The idea of killer robots currently remains in the realm in science fiction, but it's pretty alarming to realize that artificial intelligence experts are treating it as a genuine possibility in the near future. After years of petitioning the United Nations to take action against weaponized AI, the Future of Life Institute (FLI) has now taken matters into its own hands, with thousands of researchers, engineers and companies in the AI industry pledging not to develop or support the development of autonomous killing machines in any way.

In 2015, the FLI presented an open letter to the UN, urging the organization to impose a ban on the development of lethal autonomous weapons systems (LAWS). The letter was signed by over 1,000 robotics researchers and prominent scientists, such as Elon Musk and Stephen Hawking. Two years later, the FLI and many of the same signatories sent off a follow-up, as talks continuously stalled.

After another year of inaction, these industry leaders have now taken a more direct approach that doesn't require the UN's input. Thousands of people have now signed a pledge declaring that "we opt to hold ourselves to a high standard: we will neither participate in nor support the development, manufacture, trade, or use of lethal autonomous weapons."

The signatories this time around include 160 AI-related companies and organizations, and over 2,400 individuals. Among the ranks are Google DeepMind, ClearPath Robotics, the European Association for AI, the XPRIZE Foundation, Silicon Valley Robotics, University College London, and people like Elon Musk, Google Research's Jeffrey Dean and Member of UK Parliament Alex Sobel.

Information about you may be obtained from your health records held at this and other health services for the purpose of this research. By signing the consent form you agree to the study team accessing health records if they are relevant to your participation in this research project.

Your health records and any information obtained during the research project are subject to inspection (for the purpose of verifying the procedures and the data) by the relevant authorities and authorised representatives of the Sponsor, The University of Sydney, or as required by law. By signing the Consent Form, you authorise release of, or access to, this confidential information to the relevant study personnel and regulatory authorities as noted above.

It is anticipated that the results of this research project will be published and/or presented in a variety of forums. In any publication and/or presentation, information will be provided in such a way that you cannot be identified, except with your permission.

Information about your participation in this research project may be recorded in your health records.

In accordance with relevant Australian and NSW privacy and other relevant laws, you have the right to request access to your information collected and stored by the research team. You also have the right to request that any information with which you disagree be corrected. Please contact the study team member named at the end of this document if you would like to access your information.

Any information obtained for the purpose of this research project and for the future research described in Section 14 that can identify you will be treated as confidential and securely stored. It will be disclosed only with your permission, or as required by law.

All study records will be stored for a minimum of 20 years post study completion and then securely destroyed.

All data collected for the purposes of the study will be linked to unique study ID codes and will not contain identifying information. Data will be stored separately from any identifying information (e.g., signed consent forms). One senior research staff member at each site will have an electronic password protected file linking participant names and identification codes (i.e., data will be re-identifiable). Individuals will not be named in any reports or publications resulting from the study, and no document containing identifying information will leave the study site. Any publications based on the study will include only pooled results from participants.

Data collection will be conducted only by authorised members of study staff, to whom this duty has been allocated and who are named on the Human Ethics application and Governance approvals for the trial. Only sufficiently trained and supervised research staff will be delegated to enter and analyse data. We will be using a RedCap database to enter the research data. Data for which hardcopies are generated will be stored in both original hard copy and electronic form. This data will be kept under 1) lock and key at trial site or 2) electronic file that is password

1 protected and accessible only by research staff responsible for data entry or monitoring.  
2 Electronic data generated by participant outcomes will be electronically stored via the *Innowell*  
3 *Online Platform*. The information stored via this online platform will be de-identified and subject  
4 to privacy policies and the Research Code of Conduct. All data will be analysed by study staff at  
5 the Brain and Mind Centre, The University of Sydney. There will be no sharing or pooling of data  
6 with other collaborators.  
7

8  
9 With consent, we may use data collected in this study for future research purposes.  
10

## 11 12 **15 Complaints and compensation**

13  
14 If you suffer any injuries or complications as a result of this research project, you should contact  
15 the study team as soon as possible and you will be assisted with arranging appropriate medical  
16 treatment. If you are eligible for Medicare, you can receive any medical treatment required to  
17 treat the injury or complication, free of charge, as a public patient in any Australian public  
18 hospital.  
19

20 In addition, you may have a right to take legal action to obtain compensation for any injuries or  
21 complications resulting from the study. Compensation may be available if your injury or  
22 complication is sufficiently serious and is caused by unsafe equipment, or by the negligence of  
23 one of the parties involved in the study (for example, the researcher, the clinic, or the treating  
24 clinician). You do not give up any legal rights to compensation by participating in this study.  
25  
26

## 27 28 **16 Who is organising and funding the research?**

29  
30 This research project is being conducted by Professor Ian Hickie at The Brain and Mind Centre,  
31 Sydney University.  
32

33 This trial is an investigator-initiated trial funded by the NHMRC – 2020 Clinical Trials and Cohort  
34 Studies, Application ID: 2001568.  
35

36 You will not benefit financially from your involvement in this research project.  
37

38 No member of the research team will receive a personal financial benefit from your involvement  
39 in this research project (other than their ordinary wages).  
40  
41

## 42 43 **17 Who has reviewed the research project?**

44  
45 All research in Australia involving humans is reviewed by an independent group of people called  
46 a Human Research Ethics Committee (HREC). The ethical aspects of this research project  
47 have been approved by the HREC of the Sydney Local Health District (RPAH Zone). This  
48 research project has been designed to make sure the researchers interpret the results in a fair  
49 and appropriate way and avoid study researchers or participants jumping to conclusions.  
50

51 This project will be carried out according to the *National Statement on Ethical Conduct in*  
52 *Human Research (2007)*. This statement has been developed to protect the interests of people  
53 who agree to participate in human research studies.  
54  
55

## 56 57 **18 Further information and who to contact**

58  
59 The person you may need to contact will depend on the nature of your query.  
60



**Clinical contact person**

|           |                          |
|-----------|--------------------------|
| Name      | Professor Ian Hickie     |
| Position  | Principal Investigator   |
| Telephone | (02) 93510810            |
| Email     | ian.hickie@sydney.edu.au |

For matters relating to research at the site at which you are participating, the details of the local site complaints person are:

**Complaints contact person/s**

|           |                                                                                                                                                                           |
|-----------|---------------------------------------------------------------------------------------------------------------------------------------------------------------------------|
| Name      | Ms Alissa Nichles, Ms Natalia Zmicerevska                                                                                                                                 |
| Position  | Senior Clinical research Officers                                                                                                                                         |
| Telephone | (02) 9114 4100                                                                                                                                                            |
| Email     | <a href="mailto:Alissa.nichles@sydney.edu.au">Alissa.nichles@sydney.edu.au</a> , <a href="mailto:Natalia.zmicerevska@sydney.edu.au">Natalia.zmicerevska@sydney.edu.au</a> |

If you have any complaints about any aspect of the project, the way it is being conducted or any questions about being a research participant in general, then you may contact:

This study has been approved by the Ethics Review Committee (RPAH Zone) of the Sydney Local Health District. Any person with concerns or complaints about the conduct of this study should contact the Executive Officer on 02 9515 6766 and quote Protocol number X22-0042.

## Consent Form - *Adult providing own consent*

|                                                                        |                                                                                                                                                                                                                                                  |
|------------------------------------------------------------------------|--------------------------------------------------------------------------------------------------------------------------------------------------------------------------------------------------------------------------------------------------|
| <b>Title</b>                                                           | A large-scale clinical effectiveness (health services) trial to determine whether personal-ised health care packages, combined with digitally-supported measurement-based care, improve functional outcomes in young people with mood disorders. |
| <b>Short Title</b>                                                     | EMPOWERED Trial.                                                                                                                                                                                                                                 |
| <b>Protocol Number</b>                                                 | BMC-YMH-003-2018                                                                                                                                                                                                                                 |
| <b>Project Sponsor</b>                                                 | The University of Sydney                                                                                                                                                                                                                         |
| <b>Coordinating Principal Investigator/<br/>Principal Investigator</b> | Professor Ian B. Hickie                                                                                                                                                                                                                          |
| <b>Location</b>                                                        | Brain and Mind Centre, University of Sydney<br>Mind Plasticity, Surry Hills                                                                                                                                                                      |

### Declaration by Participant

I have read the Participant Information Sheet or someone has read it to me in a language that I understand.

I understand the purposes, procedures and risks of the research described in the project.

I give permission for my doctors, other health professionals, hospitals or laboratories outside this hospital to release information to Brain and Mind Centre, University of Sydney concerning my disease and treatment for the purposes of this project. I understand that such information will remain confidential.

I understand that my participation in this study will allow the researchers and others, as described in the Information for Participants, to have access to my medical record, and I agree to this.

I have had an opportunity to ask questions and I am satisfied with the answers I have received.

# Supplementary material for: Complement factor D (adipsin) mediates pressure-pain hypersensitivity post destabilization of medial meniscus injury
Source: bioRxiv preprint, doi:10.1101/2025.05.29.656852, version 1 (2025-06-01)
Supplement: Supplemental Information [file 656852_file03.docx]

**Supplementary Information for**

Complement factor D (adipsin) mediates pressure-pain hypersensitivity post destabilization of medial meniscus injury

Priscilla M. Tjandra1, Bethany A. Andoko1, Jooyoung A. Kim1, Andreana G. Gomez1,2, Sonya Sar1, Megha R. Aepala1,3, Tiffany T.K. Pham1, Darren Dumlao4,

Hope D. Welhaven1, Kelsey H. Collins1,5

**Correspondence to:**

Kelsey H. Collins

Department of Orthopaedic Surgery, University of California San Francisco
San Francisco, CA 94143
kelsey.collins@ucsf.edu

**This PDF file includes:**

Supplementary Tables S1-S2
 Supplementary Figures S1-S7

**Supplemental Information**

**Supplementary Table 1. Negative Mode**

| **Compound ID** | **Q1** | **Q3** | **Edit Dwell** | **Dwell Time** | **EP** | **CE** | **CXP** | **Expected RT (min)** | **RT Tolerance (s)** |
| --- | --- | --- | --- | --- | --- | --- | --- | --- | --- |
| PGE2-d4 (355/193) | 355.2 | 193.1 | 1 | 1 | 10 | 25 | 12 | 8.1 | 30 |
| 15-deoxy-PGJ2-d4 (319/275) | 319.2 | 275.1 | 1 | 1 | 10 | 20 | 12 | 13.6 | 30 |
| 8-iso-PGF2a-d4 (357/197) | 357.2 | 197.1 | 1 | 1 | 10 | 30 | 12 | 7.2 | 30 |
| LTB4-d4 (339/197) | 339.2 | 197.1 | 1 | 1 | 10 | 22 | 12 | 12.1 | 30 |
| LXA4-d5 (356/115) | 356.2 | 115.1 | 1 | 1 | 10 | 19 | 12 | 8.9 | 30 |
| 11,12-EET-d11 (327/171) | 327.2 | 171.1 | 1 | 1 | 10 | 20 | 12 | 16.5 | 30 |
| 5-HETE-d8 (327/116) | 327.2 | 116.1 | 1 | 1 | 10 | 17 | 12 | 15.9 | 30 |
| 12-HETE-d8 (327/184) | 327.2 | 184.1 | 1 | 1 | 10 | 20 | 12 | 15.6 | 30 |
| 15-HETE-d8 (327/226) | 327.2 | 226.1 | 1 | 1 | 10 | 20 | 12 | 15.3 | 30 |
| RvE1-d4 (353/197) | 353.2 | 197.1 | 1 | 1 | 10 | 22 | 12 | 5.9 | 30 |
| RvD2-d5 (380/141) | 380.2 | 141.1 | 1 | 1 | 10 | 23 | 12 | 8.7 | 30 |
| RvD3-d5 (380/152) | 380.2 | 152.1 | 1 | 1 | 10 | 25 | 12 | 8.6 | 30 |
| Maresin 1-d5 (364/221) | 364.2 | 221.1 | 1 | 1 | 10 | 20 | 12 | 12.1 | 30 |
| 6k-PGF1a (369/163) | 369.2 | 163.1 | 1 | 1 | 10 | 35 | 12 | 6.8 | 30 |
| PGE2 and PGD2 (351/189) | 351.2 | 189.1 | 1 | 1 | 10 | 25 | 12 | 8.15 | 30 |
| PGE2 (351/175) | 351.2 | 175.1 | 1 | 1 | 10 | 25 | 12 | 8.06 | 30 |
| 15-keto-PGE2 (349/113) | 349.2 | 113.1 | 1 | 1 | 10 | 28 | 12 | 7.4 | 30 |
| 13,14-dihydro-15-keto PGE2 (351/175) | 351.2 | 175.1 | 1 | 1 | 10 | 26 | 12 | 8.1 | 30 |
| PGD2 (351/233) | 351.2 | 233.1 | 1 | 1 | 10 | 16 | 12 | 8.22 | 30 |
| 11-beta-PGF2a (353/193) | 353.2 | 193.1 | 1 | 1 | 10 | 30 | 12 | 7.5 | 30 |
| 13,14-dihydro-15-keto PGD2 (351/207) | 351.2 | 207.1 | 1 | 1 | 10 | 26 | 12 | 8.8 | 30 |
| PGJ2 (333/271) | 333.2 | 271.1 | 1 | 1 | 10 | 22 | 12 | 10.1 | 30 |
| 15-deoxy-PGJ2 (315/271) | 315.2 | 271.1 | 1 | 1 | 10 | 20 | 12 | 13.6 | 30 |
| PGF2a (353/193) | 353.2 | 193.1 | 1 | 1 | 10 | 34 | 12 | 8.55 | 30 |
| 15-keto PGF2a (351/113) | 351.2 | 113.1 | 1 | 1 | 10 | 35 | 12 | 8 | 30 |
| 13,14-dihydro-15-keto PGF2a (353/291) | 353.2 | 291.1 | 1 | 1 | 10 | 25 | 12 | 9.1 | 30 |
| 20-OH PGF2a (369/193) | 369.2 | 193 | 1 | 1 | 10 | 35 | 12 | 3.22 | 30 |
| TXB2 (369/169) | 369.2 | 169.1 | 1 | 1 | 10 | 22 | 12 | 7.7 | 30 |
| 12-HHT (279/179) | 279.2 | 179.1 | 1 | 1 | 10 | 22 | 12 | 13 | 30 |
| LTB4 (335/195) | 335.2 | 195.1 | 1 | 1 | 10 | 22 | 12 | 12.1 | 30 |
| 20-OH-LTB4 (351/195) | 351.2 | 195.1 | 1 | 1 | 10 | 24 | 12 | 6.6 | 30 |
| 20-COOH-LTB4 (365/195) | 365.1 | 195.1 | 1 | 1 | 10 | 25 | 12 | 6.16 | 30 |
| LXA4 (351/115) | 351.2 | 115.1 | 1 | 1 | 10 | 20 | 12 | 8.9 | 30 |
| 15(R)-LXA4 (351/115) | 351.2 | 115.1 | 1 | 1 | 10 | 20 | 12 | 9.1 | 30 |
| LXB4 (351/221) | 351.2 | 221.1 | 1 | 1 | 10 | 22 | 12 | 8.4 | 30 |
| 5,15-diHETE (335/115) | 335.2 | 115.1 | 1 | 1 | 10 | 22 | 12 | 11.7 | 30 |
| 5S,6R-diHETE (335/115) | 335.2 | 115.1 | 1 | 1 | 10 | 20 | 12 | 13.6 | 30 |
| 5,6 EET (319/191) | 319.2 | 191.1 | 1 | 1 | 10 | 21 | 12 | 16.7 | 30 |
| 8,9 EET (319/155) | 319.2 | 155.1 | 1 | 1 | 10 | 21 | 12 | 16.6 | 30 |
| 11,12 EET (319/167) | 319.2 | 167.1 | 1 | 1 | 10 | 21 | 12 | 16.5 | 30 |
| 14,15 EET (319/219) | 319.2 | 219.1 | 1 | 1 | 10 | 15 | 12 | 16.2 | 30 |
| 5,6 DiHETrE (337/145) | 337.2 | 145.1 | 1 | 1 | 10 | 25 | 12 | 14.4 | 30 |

The specific technology that the group is opposing includes weaponized AI systems that can identify, target and kill people entirely autonomously. That wouldn't include things like military drones, which human pilots can use to identify and kill targets remotely. While that might sound like a strange distinction to make, the group argues that the latter case still has a human "in the loop", as a moral and ethical filter for the act.

"We the undersigned agree that the decision to take a human life should never be delegated to a machine," reads the official statement. "There is a moral component to this position, that we should not allow machines to make life-taking decisions for which others – or nobody – will be culpable."

When these killing machines are linked to data and surveillance platforms, the statement continues, LAWS could become powerful instruments of violence and oppression, essentially making the act of taking human lives too easy, risk-free and unaccountable. Especially problematic is the potential for those devices to fall into the wrong hands through the black market.

The aim of the pledge, it seems, is to "shame" companies and people into signing. If more and more of the big players are jumping onboard, those that don't will likely come under scrutiny by their peers and customers until they also sign up.

Whether or not it plays out that way, it's at least encouraging to see baby steps being made towards the goal of a killer robot-free future. The UN is set to hold the next meeting on LAWS in August.